The Failed Democracy of Batman

The Failed Democracy of Batman

There is a line said by white nationalist Greg Johnson, the purveyor of the largest alt-right publishing house in the U.S., that struck a nerve when I was watching The Batman late at night in a crowded theater. “A superhero should be presumed right-wing, until proven otherwise.” He was saying this in a 2014 podcast about The Watchmen, both book and movie, taking a look at the archetype of the superhero.

While there are certain favorites amongst the far-right, Batman is usually top of the list. Superheroes, particularly DC Heroes, walk a particularly modern mythology: they act as titans in a contemporary morality play. These are big characters fighting even bigger challenges where the fate of the world, of both innocent and guilty, hangs in the balance. This requires, on some level, the superheroes to leave petty crime aside. A superhero story is standard not in their “crime fighting,” in fact modern superheroes in film or comics rarely “fight crime” in any recognizable way. If they did then social factors, inequalities, and progress would suddenly make the disparate power dynamic unpalatable to audiences. Not so with Batman.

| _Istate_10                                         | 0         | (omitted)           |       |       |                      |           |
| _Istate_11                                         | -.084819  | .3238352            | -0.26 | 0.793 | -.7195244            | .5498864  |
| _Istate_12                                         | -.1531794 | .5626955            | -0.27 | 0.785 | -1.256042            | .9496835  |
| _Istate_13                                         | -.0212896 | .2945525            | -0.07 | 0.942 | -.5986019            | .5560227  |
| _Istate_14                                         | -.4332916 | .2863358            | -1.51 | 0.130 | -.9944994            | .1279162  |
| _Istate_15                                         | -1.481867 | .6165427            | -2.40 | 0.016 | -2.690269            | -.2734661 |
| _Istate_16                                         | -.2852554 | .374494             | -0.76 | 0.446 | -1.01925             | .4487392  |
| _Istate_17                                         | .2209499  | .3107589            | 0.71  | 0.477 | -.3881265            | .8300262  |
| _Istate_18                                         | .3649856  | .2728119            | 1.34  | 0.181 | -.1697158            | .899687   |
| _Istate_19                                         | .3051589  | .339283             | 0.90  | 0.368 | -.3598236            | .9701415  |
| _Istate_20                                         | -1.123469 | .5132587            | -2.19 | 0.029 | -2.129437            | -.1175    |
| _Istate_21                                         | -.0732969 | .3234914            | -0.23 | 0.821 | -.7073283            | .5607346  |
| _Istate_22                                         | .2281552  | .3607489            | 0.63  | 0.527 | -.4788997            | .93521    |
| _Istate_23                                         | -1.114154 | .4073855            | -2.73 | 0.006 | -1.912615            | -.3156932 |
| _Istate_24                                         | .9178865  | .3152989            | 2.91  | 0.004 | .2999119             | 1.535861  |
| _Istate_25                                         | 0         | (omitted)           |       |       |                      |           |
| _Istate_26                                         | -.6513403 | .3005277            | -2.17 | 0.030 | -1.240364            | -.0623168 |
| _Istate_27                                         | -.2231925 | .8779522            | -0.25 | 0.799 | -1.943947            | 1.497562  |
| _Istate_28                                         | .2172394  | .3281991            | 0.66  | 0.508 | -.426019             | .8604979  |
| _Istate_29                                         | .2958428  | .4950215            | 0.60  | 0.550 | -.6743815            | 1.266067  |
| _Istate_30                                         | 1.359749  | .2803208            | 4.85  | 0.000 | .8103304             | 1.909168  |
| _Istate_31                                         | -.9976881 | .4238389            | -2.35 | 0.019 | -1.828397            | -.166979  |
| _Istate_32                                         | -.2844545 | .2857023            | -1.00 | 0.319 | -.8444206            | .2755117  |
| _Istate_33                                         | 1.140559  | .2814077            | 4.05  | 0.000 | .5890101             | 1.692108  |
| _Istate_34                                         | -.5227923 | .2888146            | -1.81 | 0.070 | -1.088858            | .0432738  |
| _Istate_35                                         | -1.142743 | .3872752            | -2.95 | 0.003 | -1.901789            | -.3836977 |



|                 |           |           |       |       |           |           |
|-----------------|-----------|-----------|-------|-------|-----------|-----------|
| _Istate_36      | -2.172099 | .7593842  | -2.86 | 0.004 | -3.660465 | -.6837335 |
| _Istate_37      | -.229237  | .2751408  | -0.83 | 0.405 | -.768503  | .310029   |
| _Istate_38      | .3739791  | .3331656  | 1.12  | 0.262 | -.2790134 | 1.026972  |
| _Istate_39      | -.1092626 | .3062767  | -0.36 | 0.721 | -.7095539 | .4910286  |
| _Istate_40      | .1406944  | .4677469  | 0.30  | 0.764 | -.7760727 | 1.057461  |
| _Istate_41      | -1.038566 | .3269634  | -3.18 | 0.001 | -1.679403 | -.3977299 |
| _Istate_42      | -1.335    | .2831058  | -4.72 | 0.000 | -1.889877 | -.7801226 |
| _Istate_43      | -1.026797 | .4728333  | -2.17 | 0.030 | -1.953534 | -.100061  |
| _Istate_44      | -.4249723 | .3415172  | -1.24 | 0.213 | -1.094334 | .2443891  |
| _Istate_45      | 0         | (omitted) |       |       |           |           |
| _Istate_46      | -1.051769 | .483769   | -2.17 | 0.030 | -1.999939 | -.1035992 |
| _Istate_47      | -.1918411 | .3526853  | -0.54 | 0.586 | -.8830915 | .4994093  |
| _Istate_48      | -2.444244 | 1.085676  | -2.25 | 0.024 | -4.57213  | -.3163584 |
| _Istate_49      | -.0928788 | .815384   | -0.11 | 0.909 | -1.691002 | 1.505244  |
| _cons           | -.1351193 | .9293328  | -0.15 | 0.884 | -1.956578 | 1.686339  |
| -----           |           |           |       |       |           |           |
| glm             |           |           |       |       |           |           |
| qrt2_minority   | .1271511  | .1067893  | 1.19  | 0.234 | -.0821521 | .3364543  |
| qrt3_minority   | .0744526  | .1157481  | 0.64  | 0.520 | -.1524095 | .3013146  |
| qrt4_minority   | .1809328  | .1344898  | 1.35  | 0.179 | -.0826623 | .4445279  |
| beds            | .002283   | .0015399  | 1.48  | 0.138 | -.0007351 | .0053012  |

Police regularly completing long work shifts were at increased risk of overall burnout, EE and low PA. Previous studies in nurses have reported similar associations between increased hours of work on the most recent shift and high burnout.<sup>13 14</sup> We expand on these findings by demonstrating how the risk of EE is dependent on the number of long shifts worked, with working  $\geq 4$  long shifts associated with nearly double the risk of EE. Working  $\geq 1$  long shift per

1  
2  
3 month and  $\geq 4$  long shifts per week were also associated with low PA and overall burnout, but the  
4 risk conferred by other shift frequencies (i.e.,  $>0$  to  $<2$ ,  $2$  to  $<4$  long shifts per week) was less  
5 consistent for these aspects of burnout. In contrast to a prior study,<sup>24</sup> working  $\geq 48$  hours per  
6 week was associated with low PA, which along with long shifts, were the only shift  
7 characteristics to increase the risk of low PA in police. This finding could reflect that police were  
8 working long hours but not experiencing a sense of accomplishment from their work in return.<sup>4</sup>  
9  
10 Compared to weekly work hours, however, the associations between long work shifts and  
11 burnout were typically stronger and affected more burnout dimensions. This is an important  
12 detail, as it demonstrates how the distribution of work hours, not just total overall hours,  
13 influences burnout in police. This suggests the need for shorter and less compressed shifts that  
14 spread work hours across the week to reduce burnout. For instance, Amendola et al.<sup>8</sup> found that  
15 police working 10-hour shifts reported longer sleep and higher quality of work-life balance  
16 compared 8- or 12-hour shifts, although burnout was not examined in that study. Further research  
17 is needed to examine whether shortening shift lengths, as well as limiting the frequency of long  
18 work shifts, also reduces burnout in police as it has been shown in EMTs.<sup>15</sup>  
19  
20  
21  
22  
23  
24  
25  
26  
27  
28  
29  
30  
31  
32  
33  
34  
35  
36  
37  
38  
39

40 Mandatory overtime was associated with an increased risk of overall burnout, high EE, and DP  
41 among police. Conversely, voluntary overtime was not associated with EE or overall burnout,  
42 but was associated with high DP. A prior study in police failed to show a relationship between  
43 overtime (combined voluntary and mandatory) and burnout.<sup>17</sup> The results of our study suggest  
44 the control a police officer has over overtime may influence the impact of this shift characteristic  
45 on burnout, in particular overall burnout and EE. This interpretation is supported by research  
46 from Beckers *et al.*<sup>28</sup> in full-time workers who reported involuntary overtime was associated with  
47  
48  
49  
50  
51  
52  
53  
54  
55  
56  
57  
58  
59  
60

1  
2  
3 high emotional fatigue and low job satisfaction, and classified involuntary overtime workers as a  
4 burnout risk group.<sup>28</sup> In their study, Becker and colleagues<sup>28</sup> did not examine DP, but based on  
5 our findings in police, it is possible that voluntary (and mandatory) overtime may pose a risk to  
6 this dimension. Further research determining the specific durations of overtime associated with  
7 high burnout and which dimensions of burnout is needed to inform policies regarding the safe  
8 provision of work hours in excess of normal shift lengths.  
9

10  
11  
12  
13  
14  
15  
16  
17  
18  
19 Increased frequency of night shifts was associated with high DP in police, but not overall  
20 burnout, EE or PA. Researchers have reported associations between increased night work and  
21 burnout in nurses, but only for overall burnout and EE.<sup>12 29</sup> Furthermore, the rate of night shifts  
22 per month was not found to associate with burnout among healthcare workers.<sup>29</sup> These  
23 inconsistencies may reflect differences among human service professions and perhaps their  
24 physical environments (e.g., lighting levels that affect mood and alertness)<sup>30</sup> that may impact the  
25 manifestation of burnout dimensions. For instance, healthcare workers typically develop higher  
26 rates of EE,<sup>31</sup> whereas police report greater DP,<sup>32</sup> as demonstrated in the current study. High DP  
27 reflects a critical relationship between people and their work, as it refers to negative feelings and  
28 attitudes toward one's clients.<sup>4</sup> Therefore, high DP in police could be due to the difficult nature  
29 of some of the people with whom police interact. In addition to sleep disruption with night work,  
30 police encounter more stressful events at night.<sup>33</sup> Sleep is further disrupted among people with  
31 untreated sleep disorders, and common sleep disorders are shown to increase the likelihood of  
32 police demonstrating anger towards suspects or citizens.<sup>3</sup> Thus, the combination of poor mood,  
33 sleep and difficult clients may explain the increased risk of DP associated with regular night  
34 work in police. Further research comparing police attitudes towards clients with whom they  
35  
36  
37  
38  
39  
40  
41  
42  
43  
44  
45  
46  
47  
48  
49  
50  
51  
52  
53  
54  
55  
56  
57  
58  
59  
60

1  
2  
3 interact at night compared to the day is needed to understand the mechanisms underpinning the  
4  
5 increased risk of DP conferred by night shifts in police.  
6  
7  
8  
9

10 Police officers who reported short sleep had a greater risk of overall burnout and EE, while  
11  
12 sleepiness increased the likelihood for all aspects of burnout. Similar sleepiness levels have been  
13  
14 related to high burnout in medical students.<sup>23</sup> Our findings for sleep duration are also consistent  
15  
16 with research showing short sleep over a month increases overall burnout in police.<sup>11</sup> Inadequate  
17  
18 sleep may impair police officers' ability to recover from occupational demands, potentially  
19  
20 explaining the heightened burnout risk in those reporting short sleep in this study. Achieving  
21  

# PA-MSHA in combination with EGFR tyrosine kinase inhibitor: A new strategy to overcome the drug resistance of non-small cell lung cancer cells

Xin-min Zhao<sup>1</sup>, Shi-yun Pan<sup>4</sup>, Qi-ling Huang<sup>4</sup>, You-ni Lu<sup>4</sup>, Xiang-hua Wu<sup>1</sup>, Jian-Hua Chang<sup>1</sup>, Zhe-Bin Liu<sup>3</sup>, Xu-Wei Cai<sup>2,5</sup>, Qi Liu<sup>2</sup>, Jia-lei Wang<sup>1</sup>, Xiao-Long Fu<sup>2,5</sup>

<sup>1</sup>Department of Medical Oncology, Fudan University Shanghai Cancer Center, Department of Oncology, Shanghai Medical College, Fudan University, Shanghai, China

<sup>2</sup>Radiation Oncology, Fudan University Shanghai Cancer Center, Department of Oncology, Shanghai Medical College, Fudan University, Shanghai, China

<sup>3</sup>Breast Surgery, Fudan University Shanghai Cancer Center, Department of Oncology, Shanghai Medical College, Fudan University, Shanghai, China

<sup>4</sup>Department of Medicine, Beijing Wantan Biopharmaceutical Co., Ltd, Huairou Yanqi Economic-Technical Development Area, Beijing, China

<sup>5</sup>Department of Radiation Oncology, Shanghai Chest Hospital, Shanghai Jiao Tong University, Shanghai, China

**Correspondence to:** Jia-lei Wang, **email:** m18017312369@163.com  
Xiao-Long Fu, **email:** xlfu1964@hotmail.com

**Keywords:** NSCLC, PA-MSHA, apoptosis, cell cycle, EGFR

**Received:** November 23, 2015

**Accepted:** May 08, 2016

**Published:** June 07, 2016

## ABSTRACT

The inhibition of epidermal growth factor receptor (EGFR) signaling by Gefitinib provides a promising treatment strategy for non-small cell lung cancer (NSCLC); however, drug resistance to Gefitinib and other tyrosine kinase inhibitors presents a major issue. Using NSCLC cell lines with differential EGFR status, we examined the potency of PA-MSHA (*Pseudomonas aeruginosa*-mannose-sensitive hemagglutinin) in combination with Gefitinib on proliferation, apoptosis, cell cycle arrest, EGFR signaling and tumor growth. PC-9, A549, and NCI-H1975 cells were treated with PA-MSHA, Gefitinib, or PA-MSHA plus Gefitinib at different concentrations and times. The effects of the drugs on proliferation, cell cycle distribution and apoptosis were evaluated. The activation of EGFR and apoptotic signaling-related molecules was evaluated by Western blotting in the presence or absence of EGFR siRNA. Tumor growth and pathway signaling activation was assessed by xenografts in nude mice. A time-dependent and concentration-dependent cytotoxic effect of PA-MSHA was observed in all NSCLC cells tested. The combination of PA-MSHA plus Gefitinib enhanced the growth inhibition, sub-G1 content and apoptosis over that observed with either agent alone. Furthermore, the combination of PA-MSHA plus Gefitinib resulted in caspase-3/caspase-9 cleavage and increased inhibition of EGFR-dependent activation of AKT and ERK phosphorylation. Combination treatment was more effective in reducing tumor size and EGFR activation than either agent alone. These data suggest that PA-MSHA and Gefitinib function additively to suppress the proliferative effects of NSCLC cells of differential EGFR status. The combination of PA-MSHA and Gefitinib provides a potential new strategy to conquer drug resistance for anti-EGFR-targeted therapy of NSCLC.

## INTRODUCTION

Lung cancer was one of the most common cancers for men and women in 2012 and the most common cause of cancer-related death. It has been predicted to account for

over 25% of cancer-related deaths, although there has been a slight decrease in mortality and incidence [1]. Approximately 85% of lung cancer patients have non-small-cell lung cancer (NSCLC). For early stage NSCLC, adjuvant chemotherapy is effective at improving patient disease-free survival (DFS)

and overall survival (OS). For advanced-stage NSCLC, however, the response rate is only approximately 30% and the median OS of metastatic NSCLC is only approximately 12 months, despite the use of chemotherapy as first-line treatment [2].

Instead, Batman does a little bit of both, fighting cosmic forces and street crime, and he does it through sheer strength of will. Batman achieves his level of brawn and authority through a suggested meritocracy: he’s an aristocrat who gains his sense of self through an inheritance of wealth, and he validates that superiority by “wiping away” his status by donning a mask and fighting enemies with only the tools he develops, ostensibly by pulling himself up from the bootstraps. The fact that Batman’s wealth is present in literally every scene where he’s saved by trenchant body armor and Elon Musk style gadgets is less important because his self-image remains the same. A self-made hero without the benefit of kryptonian parents or gamma ray steroids.